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The European Central Bank (ECB) announced Thursday it will begin a quantitative easing (QE) program in which it will buy €60 billion worth of assets a month. The program, which will commence in March and continue through September 2016, will purchase both government and private sector bonds as well as other institutional debt securities. This move comes after the U.S. and U.K. have ended their own QE programs following declining unemployment and modest GDP growth.
Though there are a wide variety of opinions on the effectiveness — and consequences — of QE, the ECB hopes it will be the economic jump start that many of the countries in the Eurozone desperately need. The most recent GDP growth for the region was 0.8%, while unemployment was 11.5%. Additionally, the latest IMF forecast gave the Euro Area a 38% chance of falling into another recession. But the most troubling issue for the Eurozone is its inflation rate, which fell to -0.2% in December. Deflation can make it more difficult to pay back debt, which is especially worrisome for countries such as Greece, Italy, and Spain that have debt exceeding 100% of GDP. If the ECB is successful in achieving its 2% target inflation, this, in theory, would lead to further devaluation of the Euro, which has already fallen over 17% against the U.S. dollar since the start of last year.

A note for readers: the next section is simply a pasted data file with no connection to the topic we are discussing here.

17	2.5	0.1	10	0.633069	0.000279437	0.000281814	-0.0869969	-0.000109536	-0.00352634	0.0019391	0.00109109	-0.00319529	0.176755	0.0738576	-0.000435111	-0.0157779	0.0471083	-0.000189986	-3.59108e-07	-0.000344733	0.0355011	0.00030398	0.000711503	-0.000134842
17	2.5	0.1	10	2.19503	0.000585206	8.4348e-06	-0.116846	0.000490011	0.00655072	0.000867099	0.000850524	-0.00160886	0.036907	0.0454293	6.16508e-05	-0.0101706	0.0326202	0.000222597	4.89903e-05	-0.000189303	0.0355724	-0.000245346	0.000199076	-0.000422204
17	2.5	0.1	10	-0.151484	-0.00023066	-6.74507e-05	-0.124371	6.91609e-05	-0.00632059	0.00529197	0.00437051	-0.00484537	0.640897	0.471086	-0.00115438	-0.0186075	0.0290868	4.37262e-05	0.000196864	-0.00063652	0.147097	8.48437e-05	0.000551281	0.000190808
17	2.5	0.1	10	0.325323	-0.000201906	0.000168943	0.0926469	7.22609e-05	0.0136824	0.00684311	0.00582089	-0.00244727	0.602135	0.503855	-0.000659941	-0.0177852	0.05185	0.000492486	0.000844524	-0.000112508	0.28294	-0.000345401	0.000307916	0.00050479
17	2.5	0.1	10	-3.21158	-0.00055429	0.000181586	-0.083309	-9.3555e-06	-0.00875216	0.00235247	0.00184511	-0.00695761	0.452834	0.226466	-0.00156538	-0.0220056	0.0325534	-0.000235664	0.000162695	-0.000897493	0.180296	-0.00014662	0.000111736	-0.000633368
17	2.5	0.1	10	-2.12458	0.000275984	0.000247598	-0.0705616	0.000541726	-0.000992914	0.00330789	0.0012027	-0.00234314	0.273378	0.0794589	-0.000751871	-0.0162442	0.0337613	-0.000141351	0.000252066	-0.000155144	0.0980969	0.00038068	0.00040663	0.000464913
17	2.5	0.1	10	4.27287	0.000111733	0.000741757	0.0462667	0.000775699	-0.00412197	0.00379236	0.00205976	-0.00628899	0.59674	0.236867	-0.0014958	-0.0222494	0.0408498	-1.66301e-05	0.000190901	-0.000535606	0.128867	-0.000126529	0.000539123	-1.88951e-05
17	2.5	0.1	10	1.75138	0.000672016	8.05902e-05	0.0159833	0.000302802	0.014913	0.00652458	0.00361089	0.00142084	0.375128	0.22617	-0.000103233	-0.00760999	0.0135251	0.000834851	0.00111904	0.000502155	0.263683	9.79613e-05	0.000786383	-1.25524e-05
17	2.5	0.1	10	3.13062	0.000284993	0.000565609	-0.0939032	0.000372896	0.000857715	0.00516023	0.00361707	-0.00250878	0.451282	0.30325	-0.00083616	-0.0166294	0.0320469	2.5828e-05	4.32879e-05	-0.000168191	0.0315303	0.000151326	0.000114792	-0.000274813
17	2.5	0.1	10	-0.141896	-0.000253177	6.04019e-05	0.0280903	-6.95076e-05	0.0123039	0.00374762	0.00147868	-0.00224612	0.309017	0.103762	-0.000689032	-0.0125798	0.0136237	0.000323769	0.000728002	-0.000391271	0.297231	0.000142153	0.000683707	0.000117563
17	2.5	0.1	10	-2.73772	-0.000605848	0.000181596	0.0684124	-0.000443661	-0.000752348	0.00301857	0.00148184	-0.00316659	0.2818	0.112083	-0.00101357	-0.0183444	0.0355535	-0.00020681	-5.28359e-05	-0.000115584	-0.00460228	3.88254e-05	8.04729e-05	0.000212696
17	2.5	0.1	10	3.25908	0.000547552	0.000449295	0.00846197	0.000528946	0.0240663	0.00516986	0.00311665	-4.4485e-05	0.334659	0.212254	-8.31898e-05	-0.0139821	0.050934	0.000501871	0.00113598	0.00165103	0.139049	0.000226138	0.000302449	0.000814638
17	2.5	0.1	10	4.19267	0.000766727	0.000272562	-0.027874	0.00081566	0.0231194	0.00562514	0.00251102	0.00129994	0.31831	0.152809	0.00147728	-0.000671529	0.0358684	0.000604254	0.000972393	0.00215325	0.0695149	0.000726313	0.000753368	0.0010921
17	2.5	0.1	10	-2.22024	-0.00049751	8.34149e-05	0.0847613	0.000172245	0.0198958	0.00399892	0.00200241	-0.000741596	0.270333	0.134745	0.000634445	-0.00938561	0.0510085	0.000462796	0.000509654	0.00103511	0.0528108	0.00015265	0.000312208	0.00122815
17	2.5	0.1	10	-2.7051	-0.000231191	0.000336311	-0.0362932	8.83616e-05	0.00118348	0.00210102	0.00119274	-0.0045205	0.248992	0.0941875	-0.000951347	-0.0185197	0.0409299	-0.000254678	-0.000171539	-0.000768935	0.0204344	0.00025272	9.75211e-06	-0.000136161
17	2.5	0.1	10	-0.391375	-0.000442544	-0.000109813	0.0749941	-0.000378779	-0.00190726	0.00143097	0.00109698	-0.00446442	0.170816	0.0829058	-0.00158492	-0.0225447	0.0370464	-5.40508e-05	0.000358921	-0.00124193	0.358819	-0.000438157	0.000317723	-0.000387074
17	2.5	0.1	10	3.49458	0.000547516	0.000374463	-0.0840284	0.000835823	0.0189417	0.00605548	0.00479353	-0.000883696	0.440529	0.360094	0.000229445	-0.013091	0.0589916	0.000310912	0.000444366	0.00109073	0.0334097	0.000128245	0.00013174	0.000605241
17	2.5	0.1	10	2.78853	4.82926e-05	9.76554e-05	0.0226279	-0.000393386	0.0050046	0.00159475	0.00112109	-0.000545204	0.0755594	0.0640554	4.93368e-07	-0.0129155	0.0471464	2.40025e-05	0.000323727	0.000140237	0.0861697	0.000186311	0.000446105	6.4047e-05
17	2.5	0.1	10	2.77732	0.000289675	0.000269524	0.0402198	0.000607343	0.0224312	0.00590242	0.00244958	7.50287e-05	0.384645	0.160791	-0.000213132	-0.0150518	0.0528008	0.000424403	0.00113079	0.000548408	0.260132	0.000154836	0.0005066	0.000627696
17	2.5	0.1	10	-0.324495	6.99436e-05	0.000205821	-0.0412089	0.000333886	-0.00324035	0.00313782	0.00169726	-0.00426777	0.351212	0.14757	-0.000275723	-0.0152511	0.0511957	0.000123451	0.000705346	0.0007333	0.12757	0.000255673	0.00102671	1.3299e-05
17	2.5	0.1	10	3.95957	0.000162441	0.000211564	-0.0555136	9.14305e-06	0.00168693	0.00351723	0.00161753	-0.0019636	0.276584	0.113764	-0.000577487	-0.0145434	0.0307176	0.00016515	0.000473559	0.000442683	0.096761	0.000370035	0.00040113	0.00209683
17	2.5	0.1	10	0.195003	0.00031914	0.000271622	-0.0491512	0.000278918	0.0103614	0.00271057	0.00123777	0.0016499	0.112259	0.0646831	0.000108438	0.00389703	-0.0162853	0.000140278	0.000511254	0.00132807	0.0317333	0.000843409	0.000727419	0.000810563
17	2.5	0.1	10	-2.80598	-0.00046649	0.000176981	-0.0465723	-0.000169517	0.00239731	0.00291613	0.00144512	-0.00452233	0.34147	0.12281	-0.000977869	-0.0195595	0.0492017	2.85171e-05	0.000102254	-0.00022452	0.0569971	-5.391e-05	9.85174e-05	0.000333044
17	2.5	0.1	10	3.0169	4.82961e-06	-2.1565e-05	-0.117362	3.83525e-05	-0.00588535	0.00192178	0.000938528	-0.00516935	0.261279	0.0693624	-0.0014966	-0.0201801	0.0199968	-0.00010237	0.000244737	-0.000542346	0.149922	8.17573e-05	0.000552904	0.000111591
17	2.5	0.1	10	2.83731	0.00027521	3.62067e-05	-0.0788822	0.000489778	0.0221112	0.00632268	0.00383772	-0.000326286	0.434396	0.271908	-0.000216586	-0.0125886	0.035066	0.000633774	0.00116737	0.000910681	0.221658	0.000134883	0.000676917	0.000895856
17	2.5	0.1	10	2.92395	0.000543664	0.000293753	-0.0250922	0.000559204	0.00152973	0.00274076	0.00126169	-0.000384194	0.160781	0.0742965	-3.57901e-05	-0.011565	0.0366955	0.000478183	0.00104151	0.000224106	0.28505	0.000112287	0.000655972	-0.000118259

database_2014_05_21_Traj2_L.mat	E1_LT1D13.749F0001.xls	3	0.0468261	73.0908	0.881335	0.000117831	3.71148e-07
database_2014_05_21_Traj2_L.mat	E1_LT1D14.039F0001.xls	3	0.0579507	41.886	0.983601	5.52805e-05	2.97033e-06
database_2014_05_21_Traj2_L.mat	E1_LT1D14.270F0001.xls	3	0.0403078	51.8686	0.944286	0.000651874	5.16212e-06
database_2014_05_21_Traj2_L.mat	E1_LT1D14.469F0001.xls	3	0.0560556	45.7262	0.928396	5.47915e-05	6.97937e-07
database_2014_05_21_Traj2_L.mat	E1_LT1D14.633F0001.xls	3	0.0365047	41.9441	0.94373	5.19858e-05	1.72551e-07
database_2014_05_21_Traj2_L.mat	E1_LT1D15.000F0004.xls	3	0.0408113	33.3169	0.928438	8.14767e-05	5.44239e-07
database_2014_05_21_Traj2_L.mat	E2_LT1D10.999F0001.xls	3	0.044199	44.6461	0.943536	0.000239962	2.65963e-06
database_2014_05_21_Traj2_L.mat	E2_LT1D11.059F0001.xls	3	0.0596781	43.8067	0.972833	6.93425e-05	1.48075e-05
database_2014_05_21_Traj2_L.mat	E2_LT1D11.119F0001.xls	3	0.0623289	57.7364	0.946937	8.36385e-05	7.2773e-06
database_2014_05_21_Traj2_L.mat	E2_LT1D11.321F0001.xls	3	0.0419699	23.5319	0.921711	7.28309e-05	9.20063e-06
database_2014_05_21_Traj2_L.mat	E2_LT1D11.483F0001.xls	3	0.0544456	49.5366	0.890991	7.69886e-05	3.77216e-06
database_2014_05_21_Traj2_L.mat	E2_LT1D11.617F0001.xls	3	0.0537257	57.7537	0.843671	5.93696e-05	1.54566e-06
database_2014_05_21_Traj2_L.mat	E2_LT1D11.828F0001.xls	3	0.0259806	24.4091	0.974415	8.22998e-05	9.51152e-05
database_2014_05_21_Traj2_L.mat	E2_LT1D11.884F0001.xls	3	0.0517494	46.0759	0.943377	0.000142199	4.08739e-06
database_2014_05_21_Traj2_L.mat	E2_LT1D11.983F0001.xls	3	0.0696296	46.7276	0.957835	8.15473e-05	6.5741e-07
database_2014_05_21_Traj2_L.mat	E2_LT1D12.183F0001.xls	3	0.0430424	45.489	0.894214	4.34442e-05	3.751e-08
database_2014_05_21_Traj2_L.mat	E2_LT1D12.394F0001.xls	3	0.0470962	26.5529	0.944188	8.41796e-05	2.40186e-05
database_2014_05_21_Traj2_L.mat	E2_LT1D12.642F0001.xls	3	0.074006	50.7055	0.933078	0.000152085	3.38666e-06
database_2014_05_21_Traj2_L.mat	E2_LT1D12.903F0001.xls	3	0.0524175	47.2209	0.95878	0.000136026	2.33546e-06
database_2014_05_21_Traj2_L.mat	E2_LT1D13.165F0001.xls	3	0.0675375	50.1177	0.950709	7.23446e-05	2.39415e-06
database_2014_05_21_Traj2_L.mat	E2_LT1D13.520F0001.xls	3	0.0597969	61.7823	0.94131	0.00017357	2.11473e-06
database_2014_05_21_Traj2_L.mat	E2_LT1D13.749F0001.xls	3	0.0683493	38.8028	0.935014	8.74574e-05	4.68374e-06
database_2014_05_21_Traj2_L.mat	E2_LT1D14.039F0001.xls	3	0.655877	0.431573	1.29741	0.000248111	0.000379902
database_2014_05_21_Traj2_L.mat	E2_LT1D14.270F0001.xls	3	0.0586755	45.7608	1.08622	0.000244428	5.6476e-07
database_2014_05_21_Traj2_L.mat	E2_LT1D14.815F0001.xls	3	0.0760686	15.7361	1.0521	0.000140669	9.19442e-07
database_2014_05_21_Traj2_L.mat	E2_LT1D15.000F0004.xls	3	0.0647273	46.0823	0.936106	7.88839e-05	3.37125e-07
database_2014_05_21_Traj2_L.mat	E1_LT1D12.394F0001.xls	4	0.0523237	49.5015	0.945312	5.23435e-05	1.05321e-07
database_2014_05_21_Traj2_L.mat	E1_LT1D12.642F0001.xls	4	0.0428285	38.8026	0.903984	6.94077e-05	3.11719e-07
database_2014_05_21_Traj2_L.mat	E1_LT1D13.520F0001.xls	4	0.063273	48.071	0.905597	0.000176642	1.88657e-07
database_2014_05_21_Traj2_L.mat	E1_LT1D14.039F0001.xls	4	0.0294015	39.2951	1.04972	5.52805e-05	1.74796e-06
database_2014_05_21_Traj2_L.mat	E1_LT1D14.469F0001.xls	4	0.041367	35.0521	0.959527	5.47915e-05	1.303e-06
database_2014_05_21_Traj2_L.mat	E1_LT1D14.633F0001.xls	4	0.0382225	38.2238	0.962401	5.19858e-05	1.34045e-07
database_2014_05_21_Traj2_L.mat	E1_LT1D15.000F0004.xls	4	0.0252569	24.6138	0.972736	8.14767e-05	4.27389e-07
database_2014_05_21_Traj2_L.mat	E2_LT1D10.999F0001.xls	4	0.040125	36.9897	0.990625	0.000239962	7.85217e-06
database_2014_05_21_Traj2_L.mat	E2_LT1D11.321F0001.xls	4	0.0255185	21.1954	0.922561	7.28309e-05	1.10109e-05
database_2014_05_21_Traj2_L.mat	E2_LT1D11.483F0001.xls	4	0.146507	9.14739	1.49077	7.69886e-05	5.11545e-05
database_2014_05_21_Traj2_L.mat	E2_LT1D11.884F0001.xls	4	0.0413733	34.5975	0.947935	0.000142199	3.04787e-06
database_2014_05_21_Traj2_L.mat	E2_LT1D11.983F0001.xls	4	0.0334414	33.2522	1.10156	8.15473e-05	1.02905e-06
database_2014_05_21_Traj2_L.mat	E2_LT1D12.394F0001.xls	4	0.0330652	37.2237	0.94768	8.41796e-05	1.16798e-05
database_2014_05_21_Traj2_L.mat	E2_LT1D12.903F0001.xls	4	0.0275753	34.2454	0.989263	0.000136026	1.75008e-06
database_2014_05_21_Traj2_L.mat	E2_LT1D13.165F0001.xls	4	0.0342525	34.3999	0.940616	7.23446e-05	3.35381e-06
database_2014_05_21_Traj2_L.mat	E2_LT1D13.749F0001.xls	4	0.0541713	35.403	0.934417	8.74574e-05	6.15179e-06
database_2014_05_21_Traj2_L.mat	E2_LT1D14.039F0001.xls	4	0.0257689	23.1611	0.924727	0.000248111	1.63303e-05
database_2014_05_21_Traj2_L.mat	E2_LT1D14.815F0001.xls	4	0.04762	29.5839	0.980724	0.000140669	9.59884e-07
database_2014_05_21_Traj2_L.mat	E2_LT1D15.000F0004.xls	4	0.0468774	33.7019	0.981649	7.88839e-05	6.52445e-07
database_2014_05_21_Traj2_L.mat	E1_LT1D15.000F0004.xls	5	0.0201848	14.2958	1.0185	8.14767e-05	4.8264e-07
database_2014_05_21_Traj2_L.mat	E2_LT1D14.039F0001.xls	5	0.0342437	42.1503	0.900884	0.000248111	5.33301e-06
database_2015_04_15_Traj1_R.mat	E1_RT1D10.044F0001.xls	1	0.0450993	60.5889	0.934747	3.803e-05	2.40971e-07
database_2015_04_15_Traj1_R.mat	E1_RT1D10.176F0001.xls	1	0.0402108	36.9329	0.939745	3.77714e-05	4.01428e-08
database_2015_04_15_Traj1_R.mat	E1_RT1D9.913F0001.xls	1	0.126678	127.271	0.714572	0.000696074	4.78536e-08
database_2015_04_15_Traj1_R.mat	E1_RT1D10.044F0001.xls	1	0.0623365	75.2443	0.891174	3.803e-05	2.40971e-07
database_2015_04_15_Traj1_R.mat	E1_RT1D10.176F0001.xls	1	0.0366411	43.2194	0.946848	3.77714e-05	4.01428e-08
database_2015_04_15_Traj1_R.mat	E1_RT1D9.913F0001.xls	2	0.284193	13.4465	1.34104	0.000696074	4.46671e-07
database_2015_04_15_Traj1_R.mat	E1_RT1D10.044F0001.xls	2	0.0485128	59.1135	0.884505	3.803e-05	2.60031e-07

How QE will affect the different parts of the Eurozone is difficult to predict. Unlike other QE programs, this one spans multiple countries and banking systems, some of which are opposed to this monetary policy. Stronger economies, such as Germany, warn that this shouldn’t be used as a method to avoid structural reforms while others feel the move was long overdue. Either way, with the threat of a third recession since 2008 looming, Europe appears to be left with little choice.
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